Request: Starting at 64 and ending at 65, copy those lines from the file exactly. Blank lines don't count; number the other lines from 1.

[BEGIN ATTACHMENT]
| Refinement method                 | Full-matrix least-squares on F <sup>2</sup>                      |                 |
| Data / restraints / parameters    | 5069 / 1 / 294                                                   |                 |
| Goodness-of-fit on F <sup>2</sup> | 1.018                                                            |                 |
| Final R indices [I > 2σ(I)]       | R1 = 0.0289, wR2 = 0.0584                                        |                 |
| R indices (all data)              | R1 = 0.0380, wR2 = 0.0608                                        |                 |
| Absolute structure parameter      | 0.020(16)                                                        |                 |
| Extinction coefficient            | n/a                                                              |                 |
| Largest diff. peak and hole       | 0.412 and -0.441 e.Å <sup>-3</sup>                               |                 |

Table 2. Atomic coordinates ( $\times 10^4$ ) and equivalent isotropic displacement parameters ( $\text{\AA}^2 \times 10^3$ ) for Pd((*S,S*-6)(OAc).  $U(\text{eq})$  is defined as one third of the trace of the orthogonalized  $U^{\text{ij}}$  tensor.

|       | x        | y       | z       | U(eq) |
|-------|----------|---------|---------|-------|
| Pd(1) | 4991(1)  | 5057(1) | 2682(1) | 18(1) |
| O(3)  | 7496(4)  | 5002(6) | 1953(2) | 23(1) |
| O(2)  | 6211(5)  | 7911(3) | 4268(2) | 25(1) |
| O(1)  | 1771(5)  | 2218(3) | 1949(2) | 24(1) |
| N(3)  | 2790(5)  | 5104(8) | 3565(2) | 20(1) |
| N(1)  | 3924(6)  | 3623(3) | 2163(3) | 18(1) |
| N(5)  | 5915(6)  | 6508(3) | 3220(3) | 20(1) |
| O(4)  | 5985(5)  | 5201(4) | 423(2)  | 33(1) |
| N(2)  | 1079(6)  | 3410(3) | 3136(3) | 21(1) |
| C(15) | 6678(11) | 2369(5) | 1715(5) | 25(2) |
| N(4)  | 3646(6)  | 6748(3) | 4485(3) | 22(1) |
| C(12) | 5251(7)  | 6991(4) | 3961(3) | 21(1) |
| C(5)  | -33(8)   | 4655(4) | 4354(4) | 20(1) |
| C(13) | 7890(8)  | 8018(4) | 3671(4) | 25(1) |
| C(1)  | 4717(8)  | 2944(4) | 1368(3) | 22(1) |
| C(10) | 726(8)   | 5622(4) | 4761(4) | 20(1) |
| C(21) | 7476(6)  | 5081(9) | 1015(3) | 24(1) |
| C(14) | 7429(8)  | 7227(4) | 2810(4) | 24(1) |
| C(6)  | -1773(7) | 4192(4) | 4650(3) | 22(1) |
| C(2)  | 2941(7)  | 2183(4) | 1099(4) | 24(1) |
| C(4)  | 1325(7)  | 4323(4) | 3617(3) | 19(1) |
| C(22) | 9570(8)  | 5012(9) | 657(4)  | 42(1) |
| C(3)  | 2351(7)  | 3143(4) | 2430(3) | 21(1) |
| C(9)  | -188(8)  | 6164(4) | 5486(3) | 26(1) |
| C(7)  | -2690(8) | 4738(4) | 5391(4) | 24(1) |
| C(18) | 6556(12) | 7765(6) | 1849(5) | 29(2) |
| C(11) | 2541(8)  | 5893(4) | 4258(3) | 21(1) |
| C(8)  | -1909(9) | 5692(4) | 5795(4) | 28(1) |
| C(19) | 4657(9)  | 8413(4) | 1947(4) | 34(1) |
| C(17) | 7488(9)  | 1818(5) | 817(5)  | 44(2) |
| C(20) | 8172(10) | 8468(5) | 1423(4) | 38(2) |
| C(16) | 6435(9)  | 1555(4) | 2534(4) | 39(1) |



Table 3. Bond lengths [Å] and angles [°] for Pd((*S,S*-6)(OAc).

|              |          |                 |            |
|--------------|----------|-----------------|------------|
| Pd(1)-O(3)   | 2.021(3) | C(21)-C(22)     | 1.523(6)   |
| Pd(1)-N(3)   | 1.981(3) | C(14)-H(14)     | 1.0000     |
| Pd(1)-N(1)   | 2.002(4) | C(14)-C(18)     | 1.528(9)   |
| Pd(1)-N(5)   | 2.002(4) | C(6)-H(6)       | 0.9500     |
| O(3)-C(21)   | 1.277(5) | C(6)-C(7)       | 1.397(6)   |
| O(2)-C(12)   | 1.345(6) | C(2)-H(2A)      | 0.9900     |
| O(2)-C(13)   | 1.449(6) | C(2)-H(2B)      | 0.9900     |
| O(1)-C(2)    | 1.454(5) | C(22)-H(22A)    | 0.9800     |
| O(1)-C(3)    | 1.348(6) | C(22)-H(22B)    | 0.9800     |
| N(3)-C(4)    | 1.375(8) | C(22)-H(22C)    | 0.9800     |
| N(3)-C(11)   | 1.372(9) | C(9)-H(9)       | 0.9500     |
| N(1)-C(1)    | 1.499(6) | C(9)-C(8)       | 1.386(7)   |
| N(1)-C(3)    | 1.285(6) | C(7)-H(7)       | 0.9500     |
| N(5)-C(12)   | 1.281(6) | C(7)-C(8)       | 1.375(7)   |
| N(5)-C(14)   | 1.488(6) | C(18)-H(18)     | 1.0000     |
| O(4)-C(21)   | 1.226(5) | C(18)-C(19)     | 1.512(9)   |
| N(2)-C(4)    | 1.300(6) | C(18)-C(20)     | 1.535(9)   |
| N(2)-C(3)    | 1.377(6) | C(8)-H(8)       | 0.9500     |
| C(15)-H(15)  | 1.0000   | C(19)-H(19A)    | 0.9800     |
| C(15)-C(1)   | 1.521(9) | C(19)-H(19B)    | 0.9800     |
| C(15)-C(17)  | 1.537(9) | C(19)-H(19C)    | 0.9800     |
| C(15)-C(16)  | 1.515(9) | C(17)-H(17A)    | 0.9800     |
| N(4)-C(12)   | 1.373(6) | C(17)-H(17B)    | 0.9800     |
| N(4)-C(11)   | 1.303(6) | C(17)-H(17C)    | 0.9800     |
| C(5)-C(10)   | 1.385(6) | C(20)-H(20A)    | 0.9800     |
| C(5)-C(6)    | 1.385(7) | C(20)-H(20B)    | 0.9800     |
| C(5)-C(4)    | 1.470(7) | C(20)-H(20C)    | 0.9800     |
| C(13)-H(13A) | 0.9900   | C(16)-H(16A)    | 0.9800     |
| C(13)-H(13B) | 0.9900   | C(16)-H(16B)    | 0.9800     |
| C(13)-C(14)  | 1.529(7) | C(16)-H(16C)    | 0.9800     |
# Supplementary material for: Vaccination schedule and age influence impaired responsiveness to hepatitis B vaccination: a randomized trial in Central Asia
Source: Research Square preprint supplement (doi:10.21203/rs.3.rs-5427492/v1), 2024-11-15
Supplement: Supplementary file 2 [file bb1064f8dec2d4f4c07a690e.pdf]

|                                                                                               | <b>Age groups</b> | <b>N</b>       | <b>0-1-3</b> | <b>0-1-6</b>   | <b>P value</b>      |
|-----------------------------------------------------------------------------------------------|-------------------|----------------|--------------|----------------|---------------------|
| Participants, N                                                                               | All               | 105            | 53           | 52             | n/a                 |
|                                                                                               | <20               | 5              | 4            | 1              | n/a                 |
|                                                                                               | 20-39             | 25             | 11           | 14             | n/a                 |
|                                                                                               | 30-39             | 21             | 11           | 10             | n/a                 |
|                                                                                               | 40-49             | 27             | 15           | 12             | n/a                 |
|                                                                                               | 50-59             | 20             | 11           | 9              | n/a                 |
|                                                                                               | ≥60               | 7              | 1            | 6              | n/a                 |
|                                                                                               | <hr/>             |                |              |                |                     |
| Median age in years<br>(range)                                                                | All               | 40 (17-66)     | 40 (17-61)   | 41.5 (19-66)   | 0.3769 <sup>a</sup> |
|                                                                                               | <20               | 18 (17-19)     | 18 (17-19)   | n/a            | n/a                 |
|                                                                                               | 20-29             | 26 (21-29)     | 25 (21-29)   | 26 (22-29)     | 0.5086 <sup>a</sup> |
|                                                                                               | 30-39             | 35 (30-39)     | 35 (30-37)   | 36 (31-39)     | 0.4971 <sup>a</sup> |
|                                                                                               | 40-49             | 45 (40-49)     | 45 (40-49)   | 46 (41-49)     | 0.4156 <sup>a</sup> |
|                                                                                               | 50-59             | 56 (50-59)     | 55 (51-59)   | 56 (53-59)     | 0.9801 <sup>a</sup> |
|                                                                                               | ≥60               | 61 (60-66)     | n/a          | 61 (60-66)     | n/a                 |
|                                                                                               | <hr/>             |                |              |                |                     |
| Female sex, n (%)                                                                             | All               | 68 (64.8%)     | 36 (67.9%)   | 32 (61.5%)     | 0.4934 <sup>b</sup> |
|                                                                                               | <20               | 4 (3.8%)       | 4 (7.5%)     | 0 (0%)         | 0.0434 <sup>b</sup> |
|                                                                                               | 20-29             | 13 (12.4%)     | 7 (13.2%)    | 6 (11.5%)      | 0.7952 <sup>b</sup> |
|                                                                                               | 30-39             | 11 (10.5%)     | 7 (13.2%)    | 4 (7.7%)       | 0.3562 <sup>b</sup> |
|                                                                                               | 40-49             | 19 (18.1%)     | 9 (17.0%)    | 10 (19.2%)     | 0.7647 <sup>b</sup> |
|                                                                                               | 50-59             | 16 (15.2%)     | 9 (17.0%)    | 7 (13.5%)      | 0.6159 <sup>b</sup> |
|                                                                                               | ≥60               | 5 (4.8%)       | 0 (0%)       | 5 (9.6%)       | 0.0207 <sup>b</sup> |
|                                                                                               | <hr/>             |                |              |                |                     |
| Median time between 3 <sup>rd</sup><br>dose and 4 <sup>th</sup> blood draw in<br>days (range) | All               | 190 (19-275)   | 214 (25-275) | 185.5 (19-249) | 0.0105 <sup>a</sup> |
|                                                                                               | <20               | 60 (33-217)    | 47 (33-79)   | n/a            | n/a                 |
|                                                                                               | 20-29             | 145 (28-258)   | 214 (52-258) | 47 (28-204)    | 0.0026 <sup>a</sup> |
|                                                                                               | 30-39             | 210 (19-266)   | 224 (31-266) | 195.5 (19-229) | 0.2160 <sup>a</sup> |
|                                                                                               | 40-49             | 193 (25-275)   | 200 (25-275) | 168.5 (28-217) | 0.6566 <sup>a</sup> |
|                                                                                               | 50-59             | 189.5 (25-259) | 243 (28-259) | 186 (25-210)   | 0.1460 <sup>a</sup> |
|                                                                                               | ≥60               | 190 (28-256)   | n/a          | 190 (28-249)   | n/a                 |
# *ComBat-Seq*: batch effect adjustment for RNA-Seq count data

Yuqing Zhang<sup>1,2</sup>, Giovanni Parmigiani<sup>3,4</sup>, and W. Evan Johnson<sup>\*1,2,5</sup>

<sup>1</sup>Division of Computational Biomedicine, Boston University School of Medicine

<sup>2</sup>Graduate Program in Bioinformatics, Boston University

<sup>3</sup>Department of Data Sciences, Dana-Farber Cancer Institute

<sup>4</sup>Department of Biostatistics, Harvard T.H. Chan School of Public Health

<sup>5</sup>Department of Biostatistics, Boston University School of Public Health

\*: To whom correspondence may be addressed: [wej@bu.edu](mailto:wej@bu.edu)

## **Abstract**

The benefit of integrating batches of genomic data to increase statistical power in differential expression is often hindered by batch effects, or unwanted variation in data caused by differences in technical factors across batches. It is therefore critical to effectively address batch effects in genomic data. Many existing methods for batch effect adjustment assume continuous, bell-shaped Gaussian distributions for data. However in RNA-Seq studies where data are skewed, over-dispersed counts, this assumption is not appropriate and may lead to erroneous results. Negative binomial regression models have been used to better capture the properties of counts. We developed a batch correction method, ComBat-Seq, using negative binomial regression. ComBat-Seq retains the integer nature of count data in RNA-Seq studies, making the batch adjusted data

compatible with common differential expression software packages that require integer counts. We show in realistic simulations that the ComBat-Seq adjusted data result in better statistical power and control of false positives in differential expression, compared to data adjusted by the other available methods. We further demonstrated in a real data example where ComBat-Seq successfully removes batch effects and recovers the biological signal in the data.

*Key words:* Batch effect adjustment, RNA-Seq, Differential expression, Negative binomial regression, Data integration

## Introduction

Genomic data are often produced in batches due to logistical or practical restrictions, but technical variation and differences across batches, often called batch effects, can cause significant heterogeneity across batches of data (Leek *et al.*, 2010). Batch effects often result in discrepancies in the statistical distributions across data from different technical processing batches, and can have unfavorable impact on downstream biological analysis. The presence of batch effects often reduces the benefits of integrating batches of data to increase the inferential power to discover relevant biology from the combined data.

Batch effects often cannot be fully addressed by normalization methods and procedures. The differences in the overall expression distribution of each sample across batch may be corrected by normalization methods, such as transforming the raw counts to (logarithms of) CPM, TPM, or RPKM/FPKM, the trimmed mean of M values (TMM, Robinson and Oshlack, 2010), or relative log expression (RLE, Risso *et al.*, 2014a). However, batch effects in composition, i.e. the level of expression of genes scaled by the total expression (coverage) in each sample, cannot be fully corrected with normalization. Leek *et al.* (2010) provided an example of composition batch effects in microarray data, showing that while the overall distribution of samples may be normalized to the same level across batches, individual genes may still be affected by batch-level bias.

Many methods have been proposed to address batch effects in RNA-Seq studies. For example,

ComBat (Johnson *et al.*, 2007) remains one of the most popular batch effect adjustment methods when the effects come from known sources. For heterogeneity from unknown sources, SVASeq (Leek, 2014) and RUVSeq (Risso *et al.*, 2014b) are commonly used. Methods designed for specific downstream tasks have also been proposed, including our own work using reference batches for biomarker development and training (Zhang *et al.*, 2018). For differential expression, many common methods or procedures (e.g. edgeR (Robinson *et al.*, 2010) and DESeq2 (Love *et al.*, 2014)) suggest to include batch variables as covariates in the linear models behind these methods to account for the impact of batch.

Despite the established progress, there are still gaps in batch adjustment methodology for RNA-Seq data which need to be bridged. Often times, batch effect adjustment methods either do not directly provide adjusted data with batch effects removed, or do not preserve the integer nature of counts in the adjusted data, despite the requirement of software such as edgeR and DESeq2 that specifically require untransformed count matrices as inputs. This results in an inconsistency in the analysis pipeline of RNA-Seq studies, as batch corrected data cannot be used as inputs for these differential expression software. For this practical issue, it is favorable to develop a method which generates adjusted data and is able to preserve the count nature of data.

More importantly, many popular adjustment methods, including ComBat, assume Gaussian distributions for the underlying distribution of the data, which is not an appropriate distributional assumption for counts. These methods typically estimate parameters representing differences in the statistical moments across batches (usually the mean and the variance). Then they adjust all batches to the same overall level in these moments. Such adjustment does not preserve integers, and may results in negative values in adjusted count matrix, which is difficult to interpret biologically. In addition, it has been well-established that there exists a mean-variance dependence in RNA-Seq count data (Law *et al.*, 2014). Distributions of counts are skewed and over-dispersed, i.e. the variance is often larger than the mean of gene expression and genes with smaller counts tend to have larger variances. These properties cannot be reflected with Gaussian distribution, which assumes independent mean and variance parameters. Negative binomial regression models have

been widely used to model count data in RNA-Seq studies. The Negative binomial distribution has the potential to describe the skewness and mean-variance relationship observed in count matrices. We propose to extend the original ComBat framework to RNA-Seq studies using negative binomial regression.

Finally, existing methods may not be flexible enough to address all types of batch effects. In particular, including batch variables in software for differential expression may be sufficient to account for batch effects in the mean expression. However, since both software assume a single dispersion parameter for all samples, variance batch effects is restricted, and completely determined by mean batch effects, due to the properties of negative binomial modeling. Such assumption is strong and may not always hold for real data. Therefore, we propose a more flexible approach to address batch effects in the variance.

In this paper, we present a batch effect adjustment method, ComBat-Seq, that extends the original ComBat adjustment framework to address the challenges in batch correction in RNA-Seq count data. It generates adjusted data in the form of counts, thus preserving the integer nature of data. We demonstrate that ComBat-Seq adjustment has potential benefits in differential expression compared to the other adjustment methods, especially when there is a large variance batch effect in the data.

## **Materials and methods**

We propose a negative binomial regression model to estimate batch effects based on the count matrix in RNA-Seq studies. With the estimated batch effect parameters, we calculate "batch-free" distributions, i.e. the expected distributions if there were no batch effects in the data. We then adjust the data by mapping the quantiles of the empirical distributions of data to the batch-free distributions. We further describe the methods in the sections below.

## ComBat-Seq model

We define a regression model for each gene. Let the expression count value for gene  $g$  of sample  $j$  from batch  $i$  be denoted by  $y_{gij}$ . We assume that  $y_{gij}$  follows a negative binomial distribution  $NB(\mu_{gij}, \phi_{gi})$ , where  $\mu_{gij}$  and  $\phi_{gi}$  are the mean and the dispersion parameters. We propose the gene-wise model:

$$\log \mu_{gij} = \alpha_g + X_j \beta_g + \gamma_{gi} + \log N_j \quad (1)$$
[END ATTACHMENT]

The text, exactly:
| N(2)-C(3)    | 1.377(6) | C(8)-H(8)       | 0.9500     |
| C(15)-H(15)  | 1.0000   | C(19)-H(19A)    | 0.9800     |